In what activists are claiming is a clear use of excessive police force and a violation of civil liberty, an eighth grader at a Texas middle school was arrested and slammed face-first in the ground by a police officer during a school football game after the student refused to remove his spiritually beloved rosary beads from his neck.
Jacob Herrera, an eighth grade student at Sam Houston Middle School in in Amarillo, Texas, was arrested and detained overnight by local police in late October after he argued with an officer over his right to wear rosary beads on school grounds. The rosary was given to him by his now-deceased brother and has religious and sentimental value to him.
While the Amarillo Police Department holds that rosary beads are symbolism for association with gang violence and asks that students in the Amarillo Independent School District not wear them on school property, Herrera had acquired prior approval from the school's principal that allowed him to wear rosary beads underneath his clothing while in school.
Before Herrera attended one of the school's football games on Oct. 29, he was granted further approval from administrators allowing him to wear and display his beads while at the football game, without having to keep them underneath his clothing, his mother claims.
At the game, Herrera was confronted by a police officer working security who told him to remove the beads. Herrera didn't want to remove the beads and tried to explain to the officer that he had been given permission to wear them.
When Herrera refused to remove the beads, police statements indicate that Herrera was told to put his hands behind his back, which he refused. He additionally did not comply with any of the officer's other demands, which ultimately led to his arrest and painful physical police treatment.
"My son passed away two years ago, 2012, and he was teaching Jacob, you know about God and how you know, he should wear the rosary to protect him. So Jacob believes that that rosary protects him and its of his remembrance to his brother," Herrera's mother, Lori Martinez, told a local CBS affiliate.
According to a witness, Herrera was detained and was treated cruelly by the officers. Later, he had to be taken to the hospital due to injuries inflicted by the officer.
"You know, he handcuffed him, and then crossed him across the street right there and slammed him again and he repeatedly slammed the child on the floor," witness Marviell Chavez said.
Coming to the legal defense of Herrera, The Rutherford Institute, a legal group dedicated to the defense of civil liberties, sent a demand letter to the Amarillo Independent School District on Dec. 4 demanding that the district rescind its dress code policy that states that students may not wear anything deemed as "gang apparel" by local law enforcement.
The letter also asked the school district to encourage law enforcement to drop its criminal prosecution of Herrera, and also said that the school district should issue a statement condemning the police department's use of excessive force on young students.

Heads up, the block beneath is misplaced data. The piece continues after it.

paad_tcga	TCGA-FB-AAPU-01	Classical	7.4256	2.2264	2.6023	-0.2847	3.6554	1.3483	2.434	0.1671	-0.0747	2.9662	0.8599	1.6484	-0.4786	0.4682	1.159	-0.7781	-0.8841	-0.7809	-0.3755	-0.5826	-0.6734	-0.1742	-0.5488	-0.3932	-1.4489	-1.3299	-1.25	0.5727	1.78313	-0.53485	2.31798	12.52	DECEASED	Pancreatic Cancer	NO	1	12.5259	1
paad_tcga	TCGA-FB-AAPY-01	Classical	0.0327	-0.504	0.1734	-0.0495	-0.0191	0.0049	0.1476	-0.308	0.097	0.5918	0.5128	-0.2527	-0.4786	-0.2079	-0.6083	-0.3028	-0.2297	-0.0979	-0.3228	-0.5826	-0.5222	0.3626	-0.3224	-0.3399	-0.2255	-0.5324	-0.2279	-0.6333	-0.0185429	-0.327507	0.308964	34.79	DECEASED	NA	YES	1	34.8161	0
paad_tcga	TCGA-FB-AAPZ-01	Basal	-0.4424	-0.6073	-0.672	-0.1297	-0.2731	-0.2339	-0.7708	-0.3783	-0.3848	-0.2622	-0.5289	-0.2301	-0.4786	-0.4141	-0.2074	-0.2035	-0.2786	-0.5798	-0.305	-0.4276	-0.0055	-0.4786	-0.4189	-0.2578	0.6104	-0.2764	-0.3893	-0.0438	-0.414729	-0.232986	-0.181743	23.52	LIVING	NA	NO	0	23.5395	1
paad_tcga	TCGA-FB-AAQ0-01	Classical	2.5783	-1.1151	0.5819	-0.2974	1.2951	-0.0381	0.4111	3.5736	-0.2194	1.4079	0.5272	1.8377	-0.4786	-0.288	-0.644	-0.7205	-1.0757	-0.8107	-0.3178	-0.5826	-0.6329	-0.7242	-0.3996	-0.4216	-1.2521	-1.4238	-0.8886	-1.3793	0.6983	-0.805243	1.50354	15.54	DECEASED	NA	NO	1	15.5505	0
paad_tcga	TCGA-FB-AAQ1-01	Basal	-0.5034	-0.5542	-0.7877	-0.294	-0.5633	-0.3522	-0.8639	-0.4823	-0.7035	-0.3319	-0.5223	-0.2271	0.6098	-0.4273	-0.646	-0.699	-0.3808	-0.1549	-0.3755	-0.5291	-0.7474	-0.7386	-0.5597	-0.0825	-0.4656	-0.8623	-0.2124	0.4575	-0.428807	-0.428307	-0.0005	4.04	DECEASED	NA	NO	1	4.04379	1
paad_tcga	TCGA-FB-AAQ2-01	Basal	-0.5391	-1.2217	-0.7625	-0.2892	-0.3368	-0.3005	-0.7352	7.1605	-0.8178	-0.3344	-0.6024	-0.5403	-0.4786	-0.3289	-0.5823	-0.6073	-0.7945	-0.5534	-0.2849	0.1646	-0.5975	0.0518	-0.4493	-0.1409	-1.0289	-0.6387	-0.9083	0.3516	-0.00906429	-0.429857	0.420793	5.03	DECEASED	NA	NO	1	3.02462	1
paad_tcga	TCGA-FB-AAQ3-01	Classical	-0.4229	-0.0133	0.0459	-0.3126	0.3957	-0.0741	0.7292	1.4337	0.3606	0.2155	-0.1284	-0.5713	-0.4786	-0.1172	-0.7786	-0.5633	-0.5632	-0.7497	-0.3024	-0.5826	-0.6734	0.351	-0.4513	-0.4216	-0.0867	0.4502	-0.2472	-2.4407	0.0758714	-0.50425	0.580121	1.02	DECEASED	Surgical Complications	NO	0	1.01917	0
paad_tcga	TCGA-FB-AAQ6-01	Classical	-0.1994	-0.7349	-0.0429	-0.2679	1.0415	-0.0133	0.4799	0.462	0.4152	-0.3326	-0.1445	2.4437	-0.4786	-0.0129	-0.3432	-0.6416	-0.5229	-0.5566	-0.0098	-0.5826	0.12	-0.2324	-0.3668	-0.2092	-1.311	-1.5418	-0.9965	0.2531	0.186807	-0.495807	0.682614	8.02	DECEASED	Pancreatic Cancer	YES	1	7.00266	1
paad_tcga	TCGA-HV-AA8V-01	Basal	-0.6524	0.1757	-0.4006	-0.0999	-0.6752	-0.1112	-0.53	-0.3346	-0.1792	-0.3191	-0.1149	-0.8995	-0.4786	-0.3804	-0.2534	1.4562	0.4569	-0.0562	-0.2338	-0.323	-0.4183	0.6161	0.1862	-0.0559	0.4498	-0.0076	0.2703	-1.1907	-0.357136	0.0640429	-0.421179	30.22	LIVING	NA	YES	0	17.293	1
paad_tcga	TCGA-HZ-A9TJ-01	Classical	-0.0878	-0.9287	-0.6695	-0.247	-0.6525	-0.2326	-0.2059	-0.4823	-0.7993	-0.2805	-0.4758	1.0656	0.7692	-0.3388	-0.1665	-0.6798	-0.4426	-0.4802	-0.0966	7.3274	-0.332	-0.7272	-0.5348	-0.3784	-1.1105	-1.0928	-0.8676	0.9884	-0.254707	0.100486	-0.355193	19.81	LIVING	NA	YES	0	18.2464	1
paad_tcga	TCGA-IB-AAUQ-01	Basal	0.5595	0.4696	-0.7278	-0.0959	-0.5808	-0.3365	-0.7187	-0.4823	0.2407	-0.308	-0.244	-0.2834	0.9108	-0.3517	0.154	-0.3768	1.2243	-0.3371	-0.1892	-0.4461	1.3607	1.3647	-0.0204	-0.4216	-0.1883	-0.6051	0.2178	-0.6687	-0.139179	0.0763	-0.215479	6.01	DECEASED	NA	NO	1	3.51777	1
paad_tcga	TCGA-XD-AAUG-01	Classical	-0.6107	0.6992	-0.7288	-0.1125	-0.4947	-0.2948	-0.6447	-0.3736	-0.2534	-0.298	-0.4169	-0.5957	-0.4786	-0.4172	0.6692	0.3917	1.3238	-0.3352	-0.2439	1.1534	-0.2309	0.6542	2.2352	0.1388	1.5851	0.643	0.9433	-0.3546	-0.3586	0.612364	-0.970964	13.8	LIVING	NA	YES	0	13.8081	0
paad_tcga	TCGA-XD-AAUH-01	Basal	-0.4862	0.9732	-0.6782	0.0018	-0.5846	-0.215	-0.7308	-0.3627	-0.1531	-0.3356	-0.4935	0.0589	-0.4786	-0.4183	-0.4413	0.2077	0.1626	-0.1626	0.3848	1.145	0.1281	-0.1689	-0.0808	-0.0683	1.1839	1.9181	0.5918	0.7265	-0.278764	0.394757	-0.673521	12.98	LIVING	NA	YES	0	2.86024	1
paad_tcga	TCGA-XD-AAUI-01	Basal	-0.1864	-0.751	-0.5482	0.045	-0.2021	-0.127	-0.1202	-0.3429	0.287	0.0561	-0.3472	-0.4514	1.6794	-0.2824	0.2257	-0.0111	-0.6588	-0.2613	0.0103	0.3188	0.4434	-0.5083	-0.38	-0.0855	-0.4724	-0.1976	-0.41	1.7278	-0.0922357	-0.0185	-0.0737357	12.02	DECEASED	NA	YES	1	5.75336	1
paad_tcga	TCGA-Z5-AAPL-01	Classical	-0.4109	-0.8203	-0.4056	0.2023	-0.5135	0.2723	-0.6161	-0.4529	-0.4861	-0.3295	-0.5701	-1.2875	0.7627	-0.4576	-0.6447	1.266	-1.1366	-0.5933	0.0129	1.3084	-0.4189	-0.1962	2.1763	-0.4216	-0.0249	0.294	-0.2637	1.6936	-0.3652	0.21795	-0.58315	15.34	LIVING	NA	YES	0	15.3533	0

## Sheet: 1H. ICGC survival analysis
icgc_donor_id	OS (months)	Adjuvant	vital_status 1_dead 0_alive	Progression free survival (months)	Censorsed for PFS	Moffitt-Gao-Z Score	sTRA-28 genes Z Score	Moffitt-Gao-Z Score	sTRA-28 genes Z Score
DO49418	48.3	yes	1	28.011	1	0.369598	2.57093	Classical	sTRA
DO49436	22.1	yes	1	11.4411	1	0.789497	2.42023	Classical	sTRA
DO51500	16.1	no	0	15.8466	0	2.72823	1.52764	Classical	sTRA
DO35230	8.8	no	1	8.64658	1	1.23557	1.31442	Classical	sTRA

"I think it was excessive force. The school should not be allowing this to happen. He is just an eighth grader," Rutherford Institute founder John Whitehead said in a Monday interview with The Christian Post. "I understand that this [could be seen as] a gang symbol, but you can't repress the symbol. It is a matter of religious freedom and is a First Amendment right. I think that they are overreacting to the gang issues, and if you have somebody wearing it legitimately, yes, they should be allowed to wear it. I think it is an important issue or we wouldn't be involved."
The Rutherford Institute has given the school district until Friday, Dec. 12, to respond to their demads. If the school district does not respond or give in to the demands by then, Whitehead said the institute has found a local lawyer who will take up Herrera's case and could pursue a lawsuit against the school and police department.
Although Whitehead said that the letter was sent last Thursday, the Amarillo Independent School District's communications director, Holly Shelton, told CP that they did not recevied the letter until Monday morning and will conduct a review of the the district's policy.
"We will be reviewing our policies with the concerns addressed in the letter in mind," Shelton said.
Herrara's case is just one case representing a larger issue of school boards and local governments wrongly implementing rules that infringe upon the religious expression rights of their students and even teachers, Whitehead further addedd.
"I have heard of schools that say teachers can't wear a cross. They can't wear a reef on their lapel. Well, no court cases have ever held that. It is just an overreaction for political correctness," Whitehead asserted. "I can see concern over gang symbols, but when you are lumping rosary beads in there with it, and Christian symbols, you got a problem.
"Then, when you have the cops slamming somebody face-down, and he had to go to the hospital over it, an eighth grader, holding him in detention like he is a master criminal, just doesn't make any sense to me," Whitehead added.